User currently offlineXFSUgimpLB41X From United States of America, joined Aug 2000, 4195 posts, RR: 37
Reply 145, posted (1 year 8 months 4 weeks 1 day 10 hours ago) and read 10808 times:

Quoting tdscanuck (Reply 144):
Anyone who's flown an IAN approach would seriously contest that assertion.

The 777 has IAN capability... so does the A320 (late 80s tech). Granted, those are software updates, but it is through the same tech as 20 years ago.

Things just don't move that fast in aviation.



Chicks dig winglets.
User currently offlineual777 From United States of America, joined Aug 2003, 1550 posts, RR: 5
Reply 146, posted (1 year 8 months 4 weeks 1 day 8 hours ago) and read 10767 times:

Quoting planemaker (Reply 142):

It is because you are looking at it from your existing paradigm and not ~15 years hence. Even today look at the cockpit/avionics/technology difference between a CRJ200 and the 787. With the geometric progression of computer technology the advancement will be 1,000s of time greater.

Its not an issue of technology, its an issue of the environment. The airports are too busy, the hours are too long, and the aircraft too complex to go with one pilot. Even if there was an ACARS-type system for instructions, there are still tens of thousands of airplanes that use radios, and you would still have to listen to the frequency for situational awareness. Hell, theres plenty of aircraft that still dont have transponders.

Im interested to see what this new paradigm is...can you enlighten me please?



It is always darkest before the sun comes up.
User currently offlineplanemaker From Tuvalu, joined Aug 2003, 6147 posts, RR: 35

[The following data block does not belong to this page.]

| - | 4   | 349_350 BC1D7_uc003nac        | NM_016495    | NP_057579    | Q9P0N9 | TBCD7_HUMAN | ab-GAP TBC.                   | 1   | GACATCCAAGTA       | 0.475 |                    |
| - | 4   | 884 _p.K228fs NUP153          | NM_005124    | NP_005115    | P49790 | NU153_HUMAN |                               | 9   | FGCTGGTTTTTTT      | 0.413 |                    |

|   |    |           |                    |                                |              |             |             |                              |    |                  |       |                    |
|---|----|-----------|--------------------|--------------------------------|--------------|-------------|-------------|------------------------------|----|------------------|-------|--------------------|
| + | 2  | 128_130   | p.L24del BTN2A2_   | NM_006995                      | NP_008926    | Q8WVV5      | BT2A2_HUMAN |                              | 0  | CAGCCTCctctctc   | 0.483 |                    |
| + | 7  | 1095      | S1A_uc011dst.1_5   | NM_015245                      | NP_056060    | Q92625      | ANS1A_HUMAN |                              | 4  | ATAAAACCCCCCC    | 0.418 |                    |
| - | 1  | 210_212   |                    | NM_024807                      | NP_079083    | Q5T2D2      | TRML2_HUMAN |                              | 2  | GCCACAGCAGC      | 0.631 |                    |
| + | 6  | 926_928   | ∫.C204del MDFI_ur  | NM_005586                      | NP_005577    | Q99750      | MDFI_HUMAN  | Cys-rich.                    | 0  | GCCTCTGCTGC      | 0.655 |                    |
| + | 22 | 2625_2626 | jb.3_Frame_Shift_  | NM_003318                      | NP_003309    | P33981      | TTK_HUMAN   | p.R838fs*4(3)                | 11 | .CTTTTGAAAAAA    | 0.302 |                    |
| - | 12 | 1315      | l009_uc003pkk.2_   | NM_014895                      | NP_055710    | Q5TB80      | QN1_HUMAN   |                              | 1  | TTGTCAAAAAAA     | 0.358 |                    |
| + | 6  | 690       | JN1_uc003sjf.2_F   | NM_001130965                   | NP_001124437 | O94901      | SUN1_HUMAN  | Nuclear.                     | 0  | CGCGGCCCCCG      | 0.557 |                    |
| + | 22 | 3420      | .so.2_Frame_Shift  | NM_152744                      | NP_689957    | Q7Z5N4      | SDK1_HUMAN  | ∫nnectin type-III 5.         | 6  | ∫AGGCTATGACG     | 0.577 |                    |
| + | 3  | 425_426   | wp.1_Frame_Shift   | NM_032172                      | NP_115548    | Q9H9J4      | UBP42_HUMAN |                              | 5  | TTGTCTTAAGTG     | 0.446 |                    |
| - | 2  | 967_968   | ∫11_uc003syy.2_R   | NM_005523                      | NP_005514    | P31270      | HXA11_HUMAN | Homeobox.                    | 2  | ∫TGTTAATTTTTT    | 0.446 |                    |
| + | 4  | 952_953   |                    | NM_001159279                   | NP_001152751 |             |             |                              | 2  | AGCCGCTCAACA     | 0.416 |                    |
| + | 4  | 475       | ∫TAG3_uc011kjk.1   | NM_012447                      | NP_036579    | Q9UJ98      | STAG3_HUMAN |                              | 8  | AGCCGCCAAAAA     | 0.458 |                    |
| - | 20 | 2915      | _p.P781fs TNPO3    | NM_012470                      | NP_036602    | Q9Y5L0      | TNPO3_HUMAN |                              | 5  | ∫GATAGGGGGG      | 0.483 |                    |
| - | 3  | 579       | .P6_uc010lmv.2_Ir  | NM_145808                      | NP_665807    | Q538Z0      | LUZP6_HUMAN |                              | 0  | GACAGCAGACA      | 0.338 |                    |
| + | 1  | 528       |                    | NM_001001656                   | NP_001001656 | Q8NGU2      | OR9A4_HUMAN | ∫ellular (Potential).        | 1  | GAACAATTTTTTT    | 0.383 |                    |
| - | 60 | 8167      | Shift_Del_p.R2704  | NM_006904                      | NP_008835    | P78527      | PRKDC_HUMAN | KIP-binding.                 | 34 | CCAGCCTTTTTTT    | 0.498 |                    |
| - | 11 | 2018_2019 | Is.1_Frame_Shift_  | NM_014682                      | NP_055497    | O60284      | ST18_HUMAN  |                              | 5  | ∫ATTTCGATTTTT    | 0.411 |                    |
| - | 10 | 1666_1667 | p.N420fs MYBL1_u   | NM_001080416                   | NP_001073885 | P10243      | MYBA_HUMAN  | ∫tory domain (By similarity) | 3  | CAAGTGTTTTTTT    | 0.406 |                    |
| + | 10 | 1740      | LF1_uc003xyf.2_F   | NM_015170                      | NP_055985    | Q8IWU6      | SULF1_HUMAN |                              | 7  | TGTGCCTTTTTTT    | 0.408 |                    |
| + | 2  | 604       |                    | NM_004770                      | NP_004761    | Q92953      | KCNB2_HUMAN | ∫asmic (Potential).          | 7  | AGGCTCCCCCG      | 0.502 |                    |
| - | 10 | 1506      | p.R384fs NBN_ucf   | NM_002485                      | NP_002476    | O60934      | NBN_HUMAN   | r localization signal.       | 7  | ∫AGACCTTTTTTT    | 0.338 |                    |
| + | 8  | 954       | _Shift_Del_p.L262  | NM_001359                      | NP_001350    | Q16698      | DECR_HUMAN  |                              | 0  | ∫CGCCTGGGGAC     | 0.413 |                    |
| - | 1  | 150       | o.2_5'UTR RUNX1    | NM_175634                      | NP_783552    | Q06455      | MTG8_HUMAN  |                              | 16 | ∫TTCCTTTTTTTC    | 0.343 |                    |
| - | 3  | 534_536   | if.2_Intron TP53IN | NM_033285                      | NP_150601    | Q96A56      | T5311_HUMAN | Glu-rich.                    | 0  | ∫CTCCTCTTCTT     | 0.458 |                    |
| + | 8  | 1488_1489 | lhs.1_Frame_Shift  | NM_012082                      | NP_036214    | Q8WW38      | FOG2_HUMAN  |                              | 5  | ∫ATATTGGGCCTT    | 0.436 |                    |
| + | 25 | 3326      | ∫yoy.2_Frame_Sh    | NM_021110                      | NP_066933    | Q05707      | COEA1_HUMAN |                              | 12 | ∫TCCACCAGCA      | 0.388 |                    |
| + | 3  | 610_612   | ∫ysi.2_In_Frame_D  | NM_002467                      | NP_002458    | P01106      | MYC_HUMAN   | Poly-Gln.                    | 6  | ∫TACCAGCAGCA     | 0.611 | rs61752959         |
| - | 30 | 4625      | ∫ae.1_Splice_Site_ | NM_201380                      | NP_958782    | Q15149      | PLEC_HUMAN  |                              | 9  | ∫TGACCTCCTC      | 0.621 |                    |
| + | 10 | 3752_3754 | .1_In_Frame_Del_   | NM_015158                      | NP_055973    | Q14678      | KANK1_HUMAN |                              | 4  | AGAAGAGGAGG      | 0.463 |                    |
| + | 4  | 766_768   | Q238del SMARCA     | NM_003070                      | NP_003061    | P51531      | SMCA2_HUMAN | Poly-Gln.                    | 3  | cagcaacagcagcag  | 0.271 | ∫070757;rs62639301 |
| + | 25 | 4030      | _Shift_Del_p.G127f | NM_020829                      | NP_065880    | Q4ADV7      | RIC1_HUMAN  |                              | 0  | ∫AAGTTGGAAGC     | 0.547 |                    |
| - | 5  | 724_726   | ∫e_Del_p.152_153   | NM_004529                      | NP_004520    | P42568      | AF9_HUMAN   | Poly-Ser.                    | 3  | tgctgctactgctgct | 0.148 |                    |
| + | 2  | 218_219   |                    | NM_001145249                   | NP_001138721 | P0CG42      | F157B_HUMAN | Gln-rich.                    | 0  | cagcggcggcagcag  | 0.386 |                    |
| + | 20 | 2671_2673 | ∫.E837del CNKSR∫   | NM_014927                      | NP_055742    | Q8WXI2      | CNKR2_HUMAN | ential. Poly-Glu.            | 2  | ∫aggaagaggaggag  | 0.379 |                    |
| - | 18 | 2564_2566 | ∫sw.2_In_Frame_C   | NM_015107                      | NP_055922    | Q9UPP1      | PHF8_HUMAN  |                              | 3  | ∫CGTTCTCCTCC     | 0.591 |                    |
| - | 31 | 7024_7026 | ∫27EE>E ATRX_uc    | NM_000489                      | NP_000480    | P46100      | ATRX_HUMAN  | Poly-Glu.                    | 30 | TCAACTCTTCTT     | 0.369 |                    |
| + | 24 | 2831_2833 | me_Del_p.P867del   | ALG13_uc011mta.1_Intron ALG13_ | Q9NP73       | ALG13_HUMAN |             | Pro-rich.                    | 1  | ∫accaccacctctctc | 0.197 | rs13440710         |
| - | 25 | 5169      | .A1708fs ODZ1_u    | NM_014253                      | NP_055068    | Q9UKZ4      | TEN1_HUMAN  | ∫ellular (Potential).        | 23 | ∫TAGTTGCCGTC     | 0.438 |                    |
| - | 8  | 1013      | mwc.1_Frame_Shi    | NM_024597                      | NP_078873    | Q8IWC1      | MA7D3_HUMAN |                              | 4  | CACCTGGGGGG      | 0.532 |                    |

Reply 147, posted (1 year 8 months 4 weeks 1 day 3 hours ago) and read 10716 times:

Quoting XFSUgimpLB41X (Reply 143):
A better comparison in the correct time frame would be the 777 and the 787.

It isn't a better comparison because IT progresses geometrically not linearly.

Quoting XFSUgimpLB41X (Reply 143):
Regardless, the technology isn't that much different.

The architecture and capabilities are very, very different. (BTW, a bit of trivia, the 787's avionics suite weighs 2,000 lbs less than the 767's). Of course there are going to be "superficial" display similarities - on "purpose". WN even "copied" the Classic steam gauge cockpit on their NG PFDs for commonality. If you are looking for "glitz" even "lowly" pistons like Cirrus have "glitzy" displays with visual "bells and whistles" with synthetic and enhanced vision systems, etc.

Quoting ual777 (Reply 146):
and the aircraft too complex to go with one pilot.

You are talking about current RJs that were designed over a decade ago for two crew... the discussion is about all-new RJ designs ~15 years in the future.

Quoting ual777 (Reply 146):
Even if there was an ACARS-type system for instructions

There will be digital data communication with ATC.

Quoting ual777 (Reply 146):
there are still tens of thousands of airplanes that use radios, and you would still have to listen to the frequency for situational awareness.

Any conflict would appear on the PFD as is already happening with equipped aircraft.

Quoting ual777 (Reply 146):
Hell, theres plenty of aircraft that still dont have transponders.

You don't really believe that is even an issue today... let alone in 15 years.

Quoting ual777 (Reply 146):
Im interested to see what this new paradigm is...can you enlighten me please?

In a nutshell, for easy comprehension, think of an RJ along the operational concept of the optionally piloted Northrup Grumman Firebird... but 1,000s of times more advanced.  

[Edited 2012-12-04 02:27:15]


Nationalism is an infantile disease. It is the measles of mankind. - A. Einstein
User currently offlinewarden145 From United States of America, joined Aug 2010, 512 posts, RR: 0
Reply 148, posted (1 year 8 months 4 weeks 1 day 3 hours ago) and read 10701 times:

Forgive me for interrupting the single-pilot debate (regardless of the technological improvements, I abhor the idea of only having one human brain on the flight deck of a large aircraft), but I saw something on the lines of the original topic that I wanted to comment on. As someone who had/has desires to fly professionally, maybe my thought process will be helpful to someone, or someone can correct me?